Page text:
On December 11, protesting farmers started returning home from the Delhi borders — Singhu, Gazipur and Tikri — after a successful agitation against the three farm laws for 382 days. It was a year of grit and determination. These farmers, mostly from Punjab, Haryana and western Uttar Pradesh, showed to the country and the world that peaceful movements can win, provided the objectives are clear and there are no political overtones. But ironically, the end of the farm agitation does not mean the lack of political implications in Punjab, Uttar Pradesh and Uttarakhand, where assembly polls are scheduled for early next year. If anything, across these states, and across incumbent governments, there will be political repercussions, irrespective of the party in power.
With the farm agitation pitching itself against laws passed by the Centre, led by the BJP government, the party will obviously have to bear the brunt in Uttar Pradesh and Uttarakhand if it fails to undo the narrative that it is “anti farmer.” With three months to go, the farmer protest is still a popular narrative in the three states, particularly in regions that have a high Sikh or Jat population. What this means is that political parties in the poll bound states are now eyeing the support of farmer leaders to ride their newly gained acceptability and popularity. Already, this much is clear in at least Uttar Pradesh and Punjab.
Western Uttar Pradesh
In western Uttar Pradesh, Bharatiya Kisan Union leader, Rakesh Tikait, has grown into a prominent Jat leader, able to garner the support of lakhs of farmers during various mahapanchayats organised during the agitation. Although Tikait himself is unlikely to contest, there is a strong buzz that someone from his family may be given a ticket by the Rashtriya Lok Dal (RLD). The Jayant Chaudhary led party is contesting the polls in an alliance with Akhilesh Yadav’s Samajwadi Party. There is precedent too. Tikait had unsuccessfully contested the 2014 Lok Sabha polls on an RLD ticket at a time when there was a strong BJP wave led by their prime ministerial face Narendra Modi. Before that, in 2007 he had fought the 2007 polls as an independent with support from the Congress and lost. Crucially though, there was no farmer movement on both these occasions to aid his campaign.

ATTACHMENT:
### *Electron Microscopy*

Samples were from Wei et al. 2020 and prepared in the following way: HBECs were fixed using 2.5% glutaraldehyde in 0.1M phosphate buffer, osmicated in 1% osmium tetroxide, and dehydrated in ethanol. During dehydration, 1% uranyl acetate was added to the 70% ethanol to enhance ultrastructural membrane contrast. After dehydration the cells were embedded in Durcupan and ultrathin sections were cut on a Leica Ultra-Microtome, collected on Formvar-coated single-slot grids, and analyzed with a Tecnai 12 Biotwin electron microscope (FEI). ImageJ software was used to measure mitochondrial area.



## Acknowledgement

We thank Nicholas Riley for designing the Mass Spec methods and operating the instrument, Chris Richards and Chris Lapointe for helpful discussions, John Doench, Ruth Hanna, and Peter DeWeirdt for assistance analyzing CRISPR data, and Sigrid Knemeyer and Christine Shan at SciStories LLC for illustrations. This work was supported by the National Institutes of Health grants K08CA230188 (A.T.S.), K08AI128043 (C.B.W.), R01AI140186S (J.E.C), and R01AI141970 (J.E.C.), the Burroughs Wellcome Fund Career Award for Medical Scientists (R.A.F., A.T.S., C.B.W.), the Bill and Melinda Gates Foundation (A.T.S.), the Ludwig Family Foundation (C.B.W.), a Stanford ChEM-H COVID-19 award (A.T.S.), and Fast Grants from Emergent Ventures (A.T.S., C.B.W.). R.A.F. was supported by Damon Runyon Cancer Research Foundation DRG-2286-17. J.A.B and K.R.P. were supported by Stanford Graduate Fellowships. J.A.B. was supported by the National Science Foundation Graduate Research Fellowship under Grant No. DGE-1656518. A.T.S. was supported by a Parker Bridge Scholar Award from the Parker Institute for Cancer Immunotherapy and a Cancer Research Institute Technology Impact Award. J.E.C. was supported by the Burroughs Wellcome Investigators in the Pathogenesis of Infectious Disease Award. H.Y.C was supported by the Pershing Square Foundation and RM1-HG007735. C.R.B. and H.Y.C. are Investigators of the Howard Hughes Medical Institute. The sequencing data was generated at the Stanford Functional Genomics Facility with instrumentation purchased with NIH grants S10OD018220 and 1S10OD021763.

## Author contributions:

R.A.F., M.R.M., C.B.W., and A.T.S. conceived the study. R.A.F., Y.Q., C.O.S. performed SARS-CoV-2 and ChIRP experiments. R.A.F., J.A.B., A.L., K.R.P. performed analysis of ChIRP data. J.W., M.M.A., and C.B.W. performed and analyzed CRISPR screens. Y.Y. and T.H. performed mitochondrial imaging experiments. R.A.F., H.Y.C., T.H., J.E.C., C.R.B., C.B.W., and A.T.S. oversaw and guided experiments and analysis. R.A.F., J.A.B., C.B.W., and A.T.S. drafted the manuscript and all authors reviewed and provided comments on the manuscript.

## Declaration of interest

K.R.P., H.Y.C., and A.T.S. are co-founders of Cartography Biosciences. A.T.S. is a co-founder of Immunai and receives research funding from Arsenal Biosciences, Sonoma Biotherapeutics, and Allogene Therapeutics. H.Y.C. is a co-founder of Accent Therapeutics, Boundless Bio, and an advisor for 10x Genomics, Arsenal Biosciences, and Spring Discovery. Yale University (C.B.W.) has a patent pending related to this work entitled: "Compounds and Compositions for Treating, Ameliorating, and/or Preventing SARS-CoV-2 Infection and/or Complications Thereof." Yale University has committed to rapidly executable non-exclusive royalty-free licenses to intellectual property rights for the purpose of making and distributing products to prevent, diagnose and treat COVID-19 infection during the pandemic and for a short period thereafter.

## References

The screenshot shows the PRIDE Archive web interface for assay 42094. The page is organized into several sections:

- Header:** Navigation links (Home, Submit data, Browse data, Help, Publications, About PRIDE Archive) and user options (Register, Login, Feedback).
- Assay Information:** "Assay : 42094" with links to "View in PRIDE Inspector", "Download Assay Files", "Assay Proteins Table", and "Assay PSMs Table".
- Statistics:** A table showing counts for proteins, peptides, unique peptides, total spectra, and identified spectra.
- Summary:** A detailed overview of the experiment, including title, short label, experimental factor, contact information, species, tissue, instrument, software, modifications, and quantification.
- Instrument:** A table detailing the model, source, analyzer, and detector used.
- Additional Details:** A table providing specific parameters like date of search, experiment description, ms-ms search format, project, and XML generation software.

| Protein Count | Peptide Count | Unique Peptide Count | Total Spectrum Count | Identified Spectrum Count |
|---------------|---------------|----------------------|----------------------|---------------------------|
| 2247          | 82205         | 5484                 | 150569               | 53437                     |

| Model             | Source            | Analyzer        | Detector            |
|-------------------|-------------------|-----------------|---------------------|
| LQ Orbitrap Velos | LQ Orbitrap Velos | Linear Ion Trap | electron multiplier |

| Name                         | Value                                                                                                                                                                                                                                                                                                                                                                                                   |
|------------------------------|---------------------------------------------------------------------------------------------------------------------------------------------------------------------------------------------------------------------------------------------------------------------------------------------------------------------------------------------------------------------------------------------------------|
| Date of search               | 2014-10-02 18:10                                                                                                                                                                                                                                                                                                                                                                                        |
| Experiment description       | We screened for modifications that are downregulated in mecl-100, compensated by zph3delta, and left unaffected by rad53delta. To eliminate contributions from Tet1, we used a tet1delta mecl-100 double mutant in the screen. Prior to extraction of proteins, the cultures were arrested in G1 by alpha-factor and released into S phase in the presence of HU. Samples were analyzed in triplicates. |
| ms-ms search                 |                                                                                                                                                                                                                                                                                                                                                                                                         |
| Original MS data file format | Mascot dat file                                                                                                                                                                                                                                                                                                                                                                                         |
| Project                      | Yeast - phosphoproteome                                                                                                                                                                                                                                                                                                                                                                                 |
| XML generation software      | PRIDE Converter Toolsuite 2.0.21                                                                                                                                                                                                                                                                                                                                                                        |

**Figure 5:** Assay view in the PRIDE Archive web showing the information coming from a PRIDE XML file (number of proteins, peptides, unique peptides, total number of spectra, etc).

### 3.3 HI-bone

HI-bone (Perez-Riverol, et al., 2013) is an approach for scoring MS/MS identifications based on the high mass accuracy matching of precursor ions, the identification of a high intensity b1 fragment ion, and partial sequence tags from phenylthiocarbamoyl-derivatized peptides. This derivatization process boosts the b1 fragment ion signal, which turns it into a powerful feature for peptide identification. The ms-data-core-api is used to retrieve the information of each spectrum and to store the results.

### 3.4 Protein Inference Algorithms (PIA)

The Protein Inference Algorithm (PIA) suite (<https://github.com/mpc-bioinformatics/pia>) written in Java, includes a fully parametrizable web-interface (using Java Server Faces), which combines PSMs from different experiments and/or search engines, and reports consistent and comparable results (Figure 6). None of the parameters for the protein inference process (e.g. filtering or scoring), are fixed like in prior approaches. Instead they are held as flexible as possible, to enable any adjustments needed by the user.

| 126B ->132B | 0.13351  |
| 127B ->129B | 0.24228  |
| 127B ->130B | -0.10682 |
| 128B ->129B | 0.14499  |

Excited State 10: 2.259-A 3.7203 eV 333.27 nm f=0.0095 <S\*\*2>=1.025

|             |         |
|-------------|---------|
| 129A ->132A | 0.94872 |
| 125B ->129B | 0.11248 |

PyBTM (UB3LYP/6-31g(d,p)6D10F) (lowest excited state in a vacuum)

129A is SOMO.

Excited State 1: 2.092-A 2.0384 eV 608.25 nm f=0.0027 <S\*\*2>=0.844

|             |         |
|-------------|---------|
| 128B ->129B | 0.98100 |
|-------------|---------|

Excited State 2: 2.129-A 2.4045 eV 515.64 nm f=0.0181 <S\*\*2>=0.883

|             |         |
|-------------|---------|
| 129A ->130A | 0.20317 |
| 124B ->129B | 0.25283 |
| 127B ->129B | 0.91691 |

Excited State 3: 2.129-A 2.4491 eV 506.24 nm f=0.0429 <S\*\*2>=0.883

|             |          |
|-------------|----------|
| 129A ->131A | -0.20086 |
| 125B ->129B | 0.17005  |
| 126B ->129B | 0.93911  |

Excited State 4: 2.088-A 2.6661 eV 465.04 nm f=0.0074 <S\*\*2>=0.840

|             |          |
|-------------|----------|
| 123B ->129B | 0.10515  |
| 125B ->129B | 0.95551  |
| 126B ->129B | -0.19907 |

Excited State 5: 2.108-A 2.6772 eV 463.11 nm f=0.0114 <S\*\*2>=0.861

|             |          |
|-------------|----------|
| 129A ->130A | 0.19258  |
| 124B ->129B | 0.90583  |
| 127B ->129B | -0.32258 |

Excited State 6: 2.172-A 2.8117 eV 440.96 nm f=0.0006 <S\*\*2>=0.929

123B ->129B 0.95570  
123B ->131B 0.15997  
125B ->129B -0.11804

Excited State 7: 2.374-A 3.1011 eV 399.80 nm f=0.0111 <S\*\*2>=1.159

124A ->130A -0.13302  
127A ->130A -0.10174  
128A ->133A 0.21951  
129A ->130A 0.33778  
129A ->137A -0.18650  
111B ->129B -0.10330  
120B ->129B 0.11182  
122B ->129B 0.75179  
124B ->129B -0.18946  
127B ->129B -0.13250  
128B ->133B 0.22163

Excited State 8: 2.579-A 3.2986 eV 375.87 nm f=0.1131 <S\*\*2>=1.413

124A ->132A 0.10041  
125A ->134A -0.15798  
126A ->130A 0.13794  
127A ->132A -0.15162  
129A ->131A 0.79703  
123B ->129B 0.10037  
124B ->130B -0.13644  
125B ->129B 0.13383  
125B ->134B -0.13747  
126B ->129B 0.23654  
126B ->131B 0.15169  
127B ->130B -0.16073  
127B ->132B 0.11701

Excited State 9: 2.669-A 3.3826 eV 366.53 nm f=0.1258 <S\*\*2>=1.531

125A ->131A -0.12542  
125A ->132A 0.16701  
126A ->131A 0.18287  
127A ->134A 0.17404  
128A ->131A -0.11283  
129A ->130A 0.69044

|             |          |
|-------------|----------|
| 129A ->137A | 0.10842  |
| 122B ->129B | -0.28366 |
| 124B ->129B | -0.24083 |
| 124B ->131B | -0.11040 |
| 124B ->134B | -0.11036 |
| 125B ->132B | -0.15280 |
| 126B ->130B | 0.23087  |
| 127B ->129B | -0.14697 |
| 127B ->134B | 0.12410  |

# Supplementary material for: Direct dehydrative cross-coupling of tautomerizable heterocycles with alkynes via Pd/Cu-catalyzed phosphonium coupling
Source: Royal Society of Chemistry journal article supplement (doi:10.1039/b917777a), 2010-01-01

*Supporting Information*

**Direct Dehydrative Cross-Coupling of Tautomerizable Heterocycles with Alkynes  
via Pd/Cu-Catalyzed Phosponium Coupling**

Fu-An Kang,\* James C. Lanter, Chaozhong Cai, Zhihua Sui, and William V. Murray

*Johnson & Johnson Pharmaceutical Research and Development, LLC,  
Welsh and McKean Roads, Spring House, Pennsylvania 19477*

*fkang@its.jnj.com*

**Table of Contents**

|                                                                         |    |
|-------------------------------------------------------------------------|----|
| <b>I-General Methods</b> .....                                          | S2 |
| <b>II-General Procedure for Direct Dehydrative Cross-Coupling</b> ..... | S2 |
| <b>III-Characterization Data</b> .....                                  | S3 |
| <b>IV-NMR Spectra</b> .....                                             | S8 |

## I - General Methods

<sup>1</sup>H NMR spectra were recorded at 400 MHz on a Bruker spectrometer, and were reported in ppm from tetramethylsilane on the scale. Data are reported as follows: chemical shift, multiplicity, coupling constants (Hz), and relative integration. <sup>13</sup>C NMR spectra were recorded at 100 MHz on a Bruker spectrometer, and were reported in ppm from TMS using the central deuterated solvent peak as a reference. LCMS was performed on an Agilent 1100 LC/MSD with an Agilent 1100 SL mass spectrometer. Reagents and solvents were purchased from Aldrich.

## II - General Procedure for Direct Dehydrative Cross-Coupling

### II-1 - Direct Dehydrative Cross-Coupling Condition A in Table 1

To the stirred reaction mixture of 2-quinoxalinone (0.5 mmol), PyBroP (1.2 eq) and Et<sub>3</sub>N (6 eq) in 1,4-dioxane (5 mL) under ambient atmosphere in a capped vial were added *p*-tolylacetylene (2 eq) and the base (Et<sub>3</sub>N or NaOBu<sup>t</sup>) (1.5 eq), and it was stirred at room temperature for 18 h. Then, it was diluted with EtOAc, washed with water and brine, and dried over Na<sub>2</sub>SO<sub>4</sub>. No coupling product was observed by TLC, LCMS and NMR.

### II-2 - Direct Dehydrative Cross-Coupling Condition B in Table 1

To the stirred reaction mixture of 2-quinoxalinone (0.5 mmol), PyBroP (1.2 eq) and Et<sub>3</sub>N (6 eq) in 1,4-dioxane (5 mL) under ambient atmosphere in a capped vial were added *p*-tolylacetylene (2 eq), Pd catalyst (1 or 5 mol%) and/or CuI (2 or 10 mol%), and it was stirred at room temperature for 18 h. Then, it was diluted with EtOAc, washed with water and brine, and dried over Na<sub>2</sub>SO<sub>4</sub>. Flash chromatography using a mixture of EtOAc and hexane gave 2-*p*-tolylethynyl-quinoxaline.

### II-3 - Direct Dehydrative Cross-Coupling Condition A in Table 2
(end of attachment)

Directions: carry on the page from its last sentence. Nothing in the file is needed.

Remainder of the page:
The situation on the ground in Western Uttar Pradesh has changed politically in the past year, and this has turned Tikait, the Delhi police constable turned farmer leader, an electoral game changer. The night Tikait famously cried at the Ghazipur border refusing to vacate the protest site, he got a call from RLD supremo Ajit Singh pledging all support and the next day thousands of farmers from western UP joined him at the protest. However, political observers in western UP say the new found friendship between Tikait and RLD can electorally help the latter only if the former campaigns for the party. They caution that Tikait’s influence outside the Balyan khap, which is headed by his elder brother Naresh, may yet be limited. “This election will tell us whether he (Rakesh) has become (politically) as tall as his father (Mahender Singh Tikait) or not,” said an analyst.
However, the farmer agitation may well act as glue against the incumbent government in western Uttar Pradesh, where sugarcane is the main cash crop and the feeling exists that the Yogi Adityanath led BJP government has not done much for those that grow it. The BJP government has increased the state advised price (SAP) for cane procurement by sugarcane companies just by ₹10 per quintal since it came to power in March 2017. In addition, the companies owe farmers ₹12,000 crore against cane purchase, although clearing arrears has started in the last month
What has also hurt farmers in western UP is the close to doubling of electricity charges for irrigation and domestic connections in the past four and a half years, rising diesel prices and stringent anti-cattle slaughter regulations that have increased a stray cattle menace in farms. Some political observers say there is now a farm leader in Rakesh Tikait that could have done damage to the BJP in western UP, and this was one of the reasons that the Centre eventually did repeal the three laws.
Contrary to the popular perception that farmer unions will back the incumbent Congress in Punjab in gratitude for their support, the reality on the ground may well be more complicated. The farmer unions have signaled that they may even take the incumbent Congress government to task for failing to “fully implement” its poll promises on agricultural issues, especially a complete debt waiver. On December 17, the Punjab based farmer unions are set to meet state Chief Minister Charanjit Singh Channi and other Congress leaders to seek answers on a promise made in 2017.